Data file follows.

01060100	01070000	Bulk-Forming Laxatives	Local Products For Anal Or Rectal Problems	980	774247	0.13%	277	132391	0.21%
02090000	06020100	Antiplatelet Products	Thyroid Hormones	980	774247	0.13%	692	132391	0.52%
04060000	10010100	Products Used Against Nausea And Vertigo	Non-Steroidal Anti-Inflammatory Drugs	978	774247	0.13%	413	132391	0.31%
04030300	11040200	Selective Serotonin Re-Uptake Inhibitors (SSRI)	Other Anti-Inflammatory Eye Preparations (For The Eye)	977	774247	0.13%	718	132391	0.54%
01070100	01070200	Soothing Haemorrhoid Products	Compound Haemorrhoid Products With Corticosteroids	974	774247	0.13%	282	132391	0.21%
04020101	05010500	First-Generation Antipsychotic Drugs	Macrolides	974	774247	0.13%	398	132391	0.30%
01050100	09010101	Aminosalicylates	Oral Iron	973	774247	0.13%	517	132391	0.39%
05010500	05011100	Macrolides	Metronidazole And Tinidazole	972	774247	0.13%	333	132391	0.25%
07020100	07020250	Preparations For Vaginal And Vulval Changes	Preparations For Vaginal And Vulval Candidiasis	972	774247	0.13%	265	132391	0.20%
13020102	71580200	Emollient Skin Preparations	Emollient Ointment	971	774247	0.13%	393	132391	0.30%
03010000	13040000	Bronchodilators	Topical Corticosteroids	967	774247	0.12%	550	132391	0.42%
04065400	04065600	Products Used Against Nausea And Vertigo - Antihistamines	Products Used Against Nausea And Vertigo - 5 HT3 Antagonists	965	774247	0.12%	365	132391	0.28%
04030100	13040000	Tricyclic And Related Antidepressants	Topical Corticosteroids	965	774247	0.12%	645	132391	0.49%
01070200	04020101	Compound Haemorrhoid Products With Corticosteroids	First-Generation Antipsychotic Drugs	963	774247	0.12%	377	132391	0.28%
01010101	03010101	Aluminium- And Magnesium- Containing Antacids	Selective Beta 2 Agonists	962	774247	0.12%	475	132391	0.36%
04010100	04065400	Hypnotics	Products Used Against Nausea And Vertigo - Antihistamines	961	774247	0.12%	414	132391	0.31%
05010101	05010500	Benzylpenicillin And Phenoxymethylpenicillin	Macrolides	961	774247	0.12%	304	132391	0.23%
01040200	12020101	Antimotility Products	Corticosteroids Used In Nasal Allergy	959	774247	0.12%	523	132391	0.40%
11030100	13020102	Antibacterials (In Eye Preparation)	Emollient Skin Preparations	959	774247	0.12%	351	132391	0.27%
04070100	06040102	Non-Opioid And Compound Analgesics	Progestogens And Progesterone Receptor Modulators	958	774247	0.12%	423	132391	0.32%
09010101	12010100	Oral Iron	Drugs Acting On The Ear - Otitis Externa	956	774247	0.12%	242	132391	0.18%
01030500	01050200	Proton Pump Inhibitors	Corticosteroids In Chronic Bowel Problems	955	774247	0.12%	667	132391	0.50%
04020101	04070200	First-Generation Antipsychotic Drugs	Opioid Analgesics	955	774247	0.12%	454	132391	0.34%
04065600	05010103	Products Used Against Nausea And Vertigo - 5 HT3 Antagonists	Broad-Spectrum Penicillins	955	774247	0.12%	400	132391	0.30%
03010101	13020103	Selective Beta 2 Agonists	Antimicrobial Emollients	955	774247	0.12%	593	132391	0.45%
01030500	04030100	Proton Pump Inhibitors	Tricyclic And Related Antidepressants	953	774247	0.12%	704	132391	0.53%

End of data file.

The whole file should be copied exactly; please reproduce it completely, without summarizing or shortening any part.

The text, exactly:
01060100	01070000	Bulk-Forming Laxatives	Local Products For Anal Or Rectal Problems	980	774247	0.13%	277	132391	0.21%
02090000	06020100	Antiplatelet Products	Thyroid Hormones	980	774247	0.13%	692	132391	0.52%
04060000	10010100	Products Used Against Nausea And Vertigo	Non-Steroidal Anti-Inflammatory Drugs	978	774247	0.13%	413	132391	0.31%
04030300	11040200	Selective Serotonin Re-Uptake Inhibitors (SSRI)	Other Anti-Inflammatory Eye Preparations (For The Eye)	977	774247	0.13%	718	132391	0.54%
01070100	01070200	Soothing Haemorrhoid Products	Compound Haemorrhoid Products With Corticosteroids	974	774247	0.13%	282	132391	0.21%
04020101	05010500	First-Generation Antipsychotic Drugs	Macrolides	974	774247	0.13%	398	132391	0.30%
01050100	09010101	Aminosalicylates	Oral Iron	973	774247	0.13%	517	132391	0.39%
05010500	05011100	Macrolides	Metronidazole And Tinidazole	972	774247	0.13%	333	132391	0.25%
07020100	07020250	Preparations For Vaginal And Vulval Changes	Preparations For Vaginal And Vulval Candidiasis	972	774247	0.13%	265	132391	0.20%
13020102	71580200	Emollient Skin Preparations	Emollient Ointment	971	774247	0.13%	393	132391	0.30%
03010000	13040000	Bronchodilators	Topical Corticosteroids	967	774247	0.12%	550	132391	0.42%
04065400	04065600	Products Used Against Nausea And Vertigo - Antihistamines	Products Used Against Nausea And Vertigo - 5 HT3 Antagonists	965	774247	0.12%	365	132391	0.28%
04030100	13040000	Tricyclic And Related Antidepressants	Topical Corticosteroids	965	774247	0.12%	645	132391	0.49%
01070200	04020101	Compound Haemorrhoid Products With Corticosteroids	First-Generation Antipsychotic Drugs	963	774247	0.12%	377	132391	0.28%
01010101	03010101	Aluminium- And Magnesium- Containing Antacids	Selective Beta 2 Agonists	962	774247	0.12%	475	132391	0.36%
04010100	04065400	Hypnotics	Products Used Against Nausea And Vertigo - Antihistamines	961	774247	0.12%	414	132391	0.31%
05010101	05010500	Benzylpenicillin And Phenoxymethylpenicillin	Macrolides	961	774247	0.12%	304	132391	0.23%
01040200	12020101	Antimotility Products	Corticosteroids Used In Nasal Allergy	959	774247	0.12%	523	132391	0.40%
11030100	13020102	Antibacterials (In Eye Preparation)	Emollient Skin Preparations	959	774247	0.12%	351	132391	0.27%
04070100	06040102	Non-Opioid And Compound Analgesics	Progestogens And Progesterone Receptor Modulators	958	774247	0.12%	423	132391	0.32%
09010101	12010100	Oral Iron	Drugs Acting On The Ear - Otitis Externa	956	774247	0.12%	242	132391	0.18%
01030500	01050200	Proton Pump Inhibitors	Corticosteroids In Chronic Bowel Problems	955	774247	0.12%	667	132391	0.50%
04020101	04070200	First-Generation Antipsychotic Drugs	Opioid Analgesics	955	774247	0.12%	454	132391	0.34%
04065600	05010103	Products Used Against Nausea And Vertigo - 5 HT3 Antagonists	Broad-Spectrum Penicillins	955	774247	0.12%	400	132391	0.30%
03010101	13020103	Selective Beta 2 Agonists	Antimicrobial Emollients	955	774247	0.12%	593	132391	0.45%
01030500	04030100	Proton Pump Inhibitors	Tricyclic And Related Antidepressants	953	774247	0.12%	704	132391	0.53%